How to take Likoer de Tirage photo

A good photo at any cost? Photographers should not be subject to this wish. Not only is it important to take a good photo, but also to take into account the people you are photographing, their dignity and the customs of the country or culture in which you are taking the picture. Many photographers even got into trouble because they disregarded basic ethical rules. Learn to avoid them!

Ethics is not a law. Therefore, there are no written general rules that must be strictly adhered to. If only because our actions are always based on a specific situation. In addition, one cannot be legally punished for unethical behavior.

Photographic ethics therefore seems to be a relatively abstract concept. Nevertheless, certain criteria can be formulated that make it easier for us to decide in certain situations whether the trigger should be pressed or not.

Be considerate of strangers

Photographing strangers always poses a dilemma: asking for their consent and thus risking them posing or photographing them in an authentic form without their consent? If you prefer the second approach, you need to carefully consider whether this is exactly how you want to portray the person in the photo. Whether it would be no shame on him if you highlight some of his features in the photo and the like.

In this case we can figuratively help ourselves with the ethical theory of Immanuel Kant, the categorical imperative. This reads: "Act in such a way that the maxim of your will can apply at any time at the same time as the principle of general legislation."

In our case, we can ask ourselves whether I (or other people) would like to be welcomed in the way I take in this stranger.

Another case would be if the stranger's face could not be seen in the photo. Then we can compromise on our ethical criteria because the unknown person remains cloaked in anonymity.

Photograph people with humility

We should also be ethical when photographing people we know or whom we have permission to photograph. We should try to photograph your story truthfully, but not ironically or in any way degrading it.

The American photographer Diane Arbus photographed people from different subcultures, on the fringes of society, often with physical and mental deviations. But she didn't want to shock or create a collection of strange people. The aim of their work was to show the daily life of these people and thus contribute to their better social acceptance.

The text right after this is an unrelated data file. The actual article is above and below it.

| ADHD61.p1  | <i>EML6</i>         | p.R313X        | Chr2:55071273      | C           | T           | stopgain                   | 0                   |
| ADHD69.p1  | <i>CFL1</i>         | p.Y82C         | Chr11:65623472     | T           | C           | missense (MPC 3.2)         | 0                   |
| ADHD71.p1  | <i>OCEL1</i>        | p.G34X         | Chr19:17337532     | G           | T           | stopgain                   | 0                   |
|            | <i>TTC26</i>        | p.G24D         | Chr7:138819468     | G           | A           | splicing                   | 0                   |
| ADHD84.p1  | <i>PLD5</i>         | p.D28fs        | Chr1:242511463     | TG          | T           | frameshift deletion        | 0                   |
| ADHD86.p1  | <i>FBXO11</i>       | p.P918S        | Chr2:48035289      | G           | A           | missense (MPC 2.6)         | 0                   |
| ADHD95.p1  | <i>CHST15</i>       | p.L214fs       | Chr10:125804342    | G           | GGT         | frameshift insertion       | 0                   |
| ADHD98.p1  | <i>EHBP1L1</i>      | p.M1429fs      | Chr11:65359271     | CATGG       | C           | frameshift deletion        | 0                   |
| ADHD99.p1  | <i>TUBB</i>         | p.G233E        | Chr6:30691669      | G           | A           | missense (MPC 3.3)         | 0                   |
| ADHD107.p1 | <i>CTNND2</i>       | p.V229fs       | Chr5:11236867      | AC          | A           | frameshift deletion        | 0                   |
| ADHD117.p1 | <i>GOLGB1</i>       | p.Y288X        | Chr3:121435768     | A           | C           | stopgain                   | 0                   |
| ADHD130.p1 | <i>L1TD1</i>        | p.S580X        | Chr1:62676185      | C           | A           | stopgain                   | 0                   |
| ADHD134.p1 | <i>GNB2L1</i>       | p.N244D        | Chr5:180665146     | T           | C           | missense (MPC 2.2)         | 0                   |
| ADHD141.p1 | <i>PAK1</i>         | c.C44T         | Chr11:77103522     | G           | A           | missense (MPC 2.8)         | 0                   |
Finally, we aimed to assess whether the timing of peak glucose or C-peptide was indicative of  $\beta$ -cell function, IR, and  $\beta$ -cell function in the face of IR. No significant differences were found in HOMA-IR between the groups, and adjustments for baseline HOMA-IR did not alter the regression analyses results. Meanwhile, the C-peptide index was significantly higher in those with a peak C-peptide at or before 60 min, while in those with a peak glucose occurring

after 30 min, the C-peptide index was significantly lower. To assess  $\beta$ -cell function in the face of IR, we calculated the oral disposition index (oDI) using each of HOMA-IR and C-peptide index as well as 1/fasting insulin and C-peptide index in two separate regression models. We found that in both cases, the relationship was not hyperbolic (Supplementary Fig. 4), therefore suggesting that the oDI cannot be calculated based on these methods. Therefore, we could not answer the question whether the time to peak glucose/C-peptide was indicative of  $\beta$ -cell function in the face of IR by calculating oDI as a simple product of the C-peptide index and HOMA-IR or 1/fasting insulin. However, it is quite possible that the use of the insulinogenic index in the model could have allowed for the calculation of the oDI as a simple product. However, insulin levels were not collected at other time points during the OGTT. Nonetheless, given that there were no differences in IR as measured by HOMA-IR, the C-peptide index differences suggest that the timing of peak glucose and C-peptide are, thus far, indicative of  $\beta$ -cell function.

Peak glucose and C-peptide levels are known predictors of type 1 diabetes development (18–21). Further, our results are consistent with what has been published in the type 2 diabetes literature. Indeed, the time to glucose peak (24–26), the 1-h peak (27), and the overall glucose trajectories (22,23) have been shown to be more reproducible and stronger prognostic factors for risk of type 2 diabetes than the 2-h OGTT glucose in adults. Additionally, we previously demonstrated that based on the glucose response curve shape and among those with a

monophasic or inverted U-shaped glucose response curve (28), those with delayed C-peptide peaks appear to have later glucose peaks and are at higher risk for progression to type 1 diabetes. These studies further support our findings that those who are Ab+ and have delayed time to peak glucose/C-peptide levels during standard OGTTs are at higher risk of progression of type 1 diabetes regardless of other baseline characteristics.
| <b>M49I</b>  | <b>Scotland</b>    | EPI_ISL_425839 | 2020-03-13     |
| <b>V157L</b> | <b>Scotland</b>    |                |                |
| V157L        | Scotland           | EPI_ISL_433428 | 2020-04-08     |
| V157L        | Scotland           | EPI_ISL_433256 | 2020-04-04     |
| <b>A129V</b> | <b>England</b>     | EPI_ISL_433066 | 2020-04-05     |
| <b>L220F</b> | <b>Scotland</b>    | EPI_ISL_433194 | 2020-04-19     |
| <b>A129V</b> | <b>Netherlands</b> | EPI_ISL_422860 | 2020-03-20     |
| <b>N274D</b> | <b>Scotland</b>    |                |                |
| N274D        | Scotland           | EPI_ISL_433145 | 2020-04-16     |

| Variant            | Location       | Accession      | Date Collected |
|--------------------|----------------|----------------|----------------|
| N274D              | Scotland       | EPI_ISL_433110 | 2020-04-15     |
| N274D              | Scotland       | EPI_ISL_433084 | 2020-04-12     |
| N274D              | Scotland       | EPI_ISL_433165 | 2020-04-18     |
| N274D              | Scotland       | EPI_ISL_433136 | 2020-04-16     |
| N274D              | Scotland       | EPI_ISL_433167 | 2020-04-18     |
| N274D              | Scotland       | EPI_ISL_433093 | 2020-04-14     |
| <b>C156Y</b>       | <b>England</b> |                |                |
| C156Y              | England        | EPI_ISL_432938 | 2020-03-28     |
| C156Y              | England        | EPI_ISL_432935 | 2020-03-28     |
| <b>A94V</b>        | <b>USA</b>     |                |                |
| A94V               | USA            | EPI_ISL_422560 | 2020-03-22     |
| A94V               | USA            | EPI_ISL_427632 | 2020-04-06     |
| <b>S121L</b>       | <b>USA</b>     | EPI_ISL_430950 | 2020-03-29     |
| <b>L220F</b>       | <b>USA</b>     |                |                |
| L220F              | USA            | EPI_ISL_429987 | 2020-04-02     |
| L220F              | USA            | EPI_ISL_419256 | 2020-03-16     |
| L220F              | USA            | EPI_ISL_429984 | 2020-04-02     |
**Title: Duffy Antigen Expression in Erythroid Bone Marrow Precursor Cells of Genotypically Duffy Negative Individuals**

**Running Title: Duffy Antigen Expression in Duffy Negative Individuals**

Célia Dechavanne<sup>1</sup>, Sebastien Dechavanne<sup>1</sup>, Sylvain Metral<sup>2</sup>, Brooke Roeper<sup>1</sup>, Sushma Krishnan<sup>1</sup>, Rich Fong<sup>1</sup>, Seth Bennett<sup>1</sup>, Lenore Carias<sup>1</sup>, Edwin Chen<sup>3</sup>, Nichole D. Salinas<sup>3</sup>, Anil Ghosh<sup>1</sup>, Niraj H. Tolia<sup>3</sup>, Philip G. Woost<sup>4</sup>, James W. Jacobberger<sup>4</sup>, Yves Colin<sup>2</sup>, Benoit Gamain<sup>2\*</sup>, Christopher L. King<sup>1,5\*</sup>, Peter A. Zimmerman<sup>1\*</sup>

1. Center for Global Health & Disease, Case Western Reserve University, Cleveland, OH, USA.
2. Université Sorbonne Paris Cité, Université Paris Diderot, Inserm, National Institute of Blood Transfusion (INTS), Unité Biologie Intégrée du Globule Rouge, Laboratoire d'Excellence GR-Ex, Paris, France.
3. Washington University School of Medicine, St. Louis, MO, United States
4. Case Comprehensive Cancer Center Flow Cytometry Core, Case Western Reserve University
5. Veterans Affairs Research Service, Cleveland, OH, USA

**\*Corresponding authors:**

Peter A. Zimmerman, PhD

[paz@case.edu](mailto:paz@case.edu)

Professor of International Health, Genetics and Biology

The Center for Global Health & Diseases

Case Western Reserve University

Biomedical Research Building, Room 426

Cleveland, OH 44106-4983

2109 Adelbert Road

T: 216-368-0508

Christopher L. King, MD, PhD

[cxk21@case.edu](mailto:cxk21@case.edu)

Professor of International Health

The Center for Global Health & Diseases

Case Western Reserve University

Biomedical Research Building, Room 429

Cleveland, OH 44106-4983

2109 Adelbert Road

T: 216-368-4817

Take into account the cultural context

Whether you are shooting in your home country or in an exotic corner of the world, always take into account the environment in which you are located. Every culture and subculture has its cultural patterns, traditions, sensitive places and sensitive topics. With the term “privacy” in particular, one can come across different interpretations not only in different cultures, but also among people in our society. In some authoritarian countries, in extreme cases, major problems with careless recordings can arise.

If you are into travel photography, it is always a good idea to study its cultural specifics before traveling. Not only could you accidentally embarrass the locals, but you could also get into trouble yourself. In recent years there have been many incidents in which tourists fell in love or took some would-be funny photos in front of a mosque or Buddhist temple and got away with a fine at best.

Be careful when editing images

Another major ethical problem in contemporary photography is manipulation. Photojournalism in particular is a particularly unethical act. Photos that appear in the media affect thousands, often millions, of people around the world and can influence political decisions.

However, manipulated photos are also published by some political regimes that use propaganda. One of the most famous cases is a photo of four rockets that were fired somewhere in the Iranian desert. The photo was released by the Iranian Revolutionary Guard, and later that day it was revealed that only three rockets had been fired.

In general, one could say that manipulation in photojournalism should be kept at the level of basic editing, which does not interfere with the history of the photo in any way. Even in international photo competitions, it is only allowed to remove the sensor dirt from the photo, and in no case to remove or add anything.

Another thing is the manipulation of photography, for example when photographing a landscape, in which one normally works with effective looking colors and contrasts. Or in fashion photography, where parts of the body are often even replaced or various imperfections in the model are retouched. In none of the cases does it have to be an unethical act, as the boundaries of illegal manipulation in these genres are much more complicated to determine.

Be sensible

You can contradict everything I wrote above by saying that in order for a photographer to have authenticity and truthfulness, in some ways he has to be rude and portray the situation as he feels it. So at certain moments throw ethics aside. And I will agree with you. But it is always necessary to ask about the meaning of the photo created in this way and to approach the work with feeling and reason.

For Aristotle, rationality was the main virtue and the basic pillar of his ethics. There is always a tendency to turn to one extreme or the other, and precisely rationality is the ability to find the center between these two extremes. In our case, therefore, we might be talking about the ability to strike a balance between the urge to submit everything to authenticity and good reception, and an overly strict adherence to ethics and unnecessary moralization.